March 2021 - Covid, Contracts & Cancellation

Over the past 12 months ITC has dealt with many enquiries from members about whether it is possible to “CoVid” proof contracts against eventualities such as venue closure or illness/self-isolation affecting performers. The short answer is that this is not easy. There are, however, ways to negotiate the best possible outcome for the parties to a contract if CoVid threatens performance.

As a general rule, obligations set out in a contract must be carried out, even if a change in circumstances has made performance more difficult, expensive or even impossible. There are, however, some exceptions to this general principle: frustration, force majeure and agreement to vary a contract.


Frustration of contract

Frustration of contract is not enshrined in legislation, it is a “doctrine” that a court will need to decide on if there is a dispute. Frustration is when an unpredictable event means that a contract is impossible to perform.

For frustration to apply there must be a ‘frustrating event’ that:

• Occurs after the contract has been formed.
• Is so fundamental that it strikes at the root of the contract.
• Is entirely beyond what was contemplated by the parties when they entered the contract.
• Is not due to the fault of either party.
• Renders further performance impossible, illegal or makes it radically different from that contemplated by the parties at the time of the contract.

Frustration generally releases both parties from their remaining obligations under the contract, although it can be possible to recover money already paid under a contract that has been frustrated (deposits, for example).

The big question with CoVid cancellations is, of course, whether they can be considered as having been beyond the contemplation of the parties when they entered into the contract. Can a contract made during the pandemic be frustrated by it?


Force Majeure

Having a Force Majeure clause, which spells out what happens if the parties are prevented from performing their obligations by specific events that are beyond their control, can be more helpful. The key point, if a Force Majeure clause is ever needed, is what events the clauses define as “Force Majeure events”. This will be a matter for negotiation. To be sure that the CoVid epidemic is included within the definition of Force Majeure, make sure that there is reference to epidemic, pandemic or disease, and Acts of parliament or political interference, in addition to general reference to circumstances beyond the parties’ control. CoVid may no longer be considered “unforeseeable” but its impact and ensuing legislation are still uncertain enough to be covered if you can agree a Force Majeure clause that is inclusive enough.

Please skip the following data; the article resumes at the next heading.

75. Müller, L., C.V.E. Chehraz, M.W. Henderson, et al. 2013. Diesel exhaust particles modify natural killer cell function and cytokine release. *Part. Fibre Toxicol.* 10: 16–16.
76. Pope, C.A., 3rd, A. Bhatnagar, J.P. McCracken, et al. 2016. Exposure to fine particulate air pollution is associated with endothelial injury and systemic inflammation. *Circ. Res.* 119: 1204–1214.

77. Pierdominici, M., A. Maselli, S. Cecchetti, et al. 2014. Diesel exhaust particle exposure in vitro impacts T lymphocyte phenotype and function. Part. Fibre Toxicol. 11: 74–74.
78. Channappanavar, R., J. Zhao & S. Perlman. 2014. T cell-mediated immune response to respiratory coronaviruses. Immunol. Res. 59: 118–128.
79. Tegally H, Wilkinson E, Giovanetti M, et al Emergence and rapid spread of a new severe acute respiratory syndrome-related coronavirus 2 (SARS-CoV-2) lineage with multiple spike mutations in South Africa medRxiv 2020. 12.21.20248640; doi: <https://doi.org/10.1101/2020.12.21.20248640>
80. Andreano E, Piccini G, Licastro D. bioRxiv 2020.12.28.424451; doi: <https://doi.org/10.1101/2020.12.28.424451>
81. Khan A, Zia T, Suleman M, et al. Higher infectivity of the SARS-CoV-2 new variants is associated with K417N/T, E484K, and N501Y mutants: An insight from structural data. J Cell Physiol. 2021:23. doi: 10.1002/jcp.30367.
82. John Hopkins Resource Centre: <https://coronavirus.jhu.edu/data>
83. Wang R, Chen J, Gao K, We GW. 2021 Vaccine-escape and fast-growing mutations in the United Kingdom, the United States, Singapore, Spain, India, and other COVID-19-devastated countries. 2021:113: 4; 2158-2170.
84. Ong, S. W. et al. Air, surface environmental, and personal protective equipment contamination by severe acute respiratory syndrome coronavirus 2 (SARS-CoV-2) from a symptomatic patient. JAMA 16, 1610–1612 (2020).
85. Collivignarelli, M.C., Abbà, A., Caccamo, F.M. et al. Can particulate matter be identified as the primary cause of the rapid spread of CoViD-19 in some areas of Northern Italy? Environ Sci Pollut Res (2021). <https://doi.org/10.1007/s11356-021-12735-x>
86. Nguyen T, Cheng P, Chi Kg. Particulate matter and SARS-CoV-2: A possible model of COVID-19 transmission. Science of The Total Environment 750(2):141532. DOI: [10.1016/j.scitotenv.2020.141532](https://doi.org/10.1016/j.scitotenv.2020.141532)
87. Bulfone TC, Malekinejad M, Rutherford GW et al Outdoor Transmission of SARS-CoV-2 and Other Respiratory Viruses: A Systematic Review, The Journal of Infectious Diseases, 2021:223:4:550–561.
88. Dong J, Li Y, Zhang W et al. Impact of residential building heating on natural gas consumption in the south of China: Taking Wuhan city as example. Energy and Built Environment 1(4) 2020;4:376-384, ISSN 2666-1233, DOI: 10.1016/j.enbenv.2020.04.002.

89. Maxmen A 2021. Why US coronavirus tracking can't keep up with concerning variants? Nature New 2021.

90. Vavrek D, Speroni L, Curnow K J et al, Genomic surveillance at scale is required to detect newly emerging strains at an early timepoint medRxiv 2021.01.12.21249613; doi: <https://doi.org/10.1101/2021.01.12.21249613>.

Make sure that a clause also sets out how and when the parties to a contract should notify the other that they believe the Force Majeure clause does apply, which means there will be delay or suspension of performance of the contract.


Varying the contract

It is always possible to vary a contract by negotiation. However, the uncertainty of the current pandemic situation and the different interests of the parties may not always make this easy.

Key issues when renegotiating a contract because of CoVid cancellations are likely to be:

• Is it possible to fix alternative dates for rehearsals/performances/workshops? Even if the venue involved is willing to change these, can all your creative team and performers commit to new dates to make this possible? Any agreement to extend time should be very carefully thought through and the possibility of change clearly drafted. It may be that the contract will have deadlines by which you will let other parties know that you are changing dates, if this deadline has passed you may no longer be able to rely on the availability of, say, key performers, even if you secure new dates from a venue.
• Can you review, extend or terminate contracts without sanctions at future agreed milestones or dates? You don’t want to lose rights that you need if the pandemic goes on for a long period.
• Don’t forget when negotiating that one party may have a greater need than the other for the contract, which will of course affect relative negotiating positions need to be considered.
• Finally, where an agreement to vary is negotiated, make sure it is documented properly.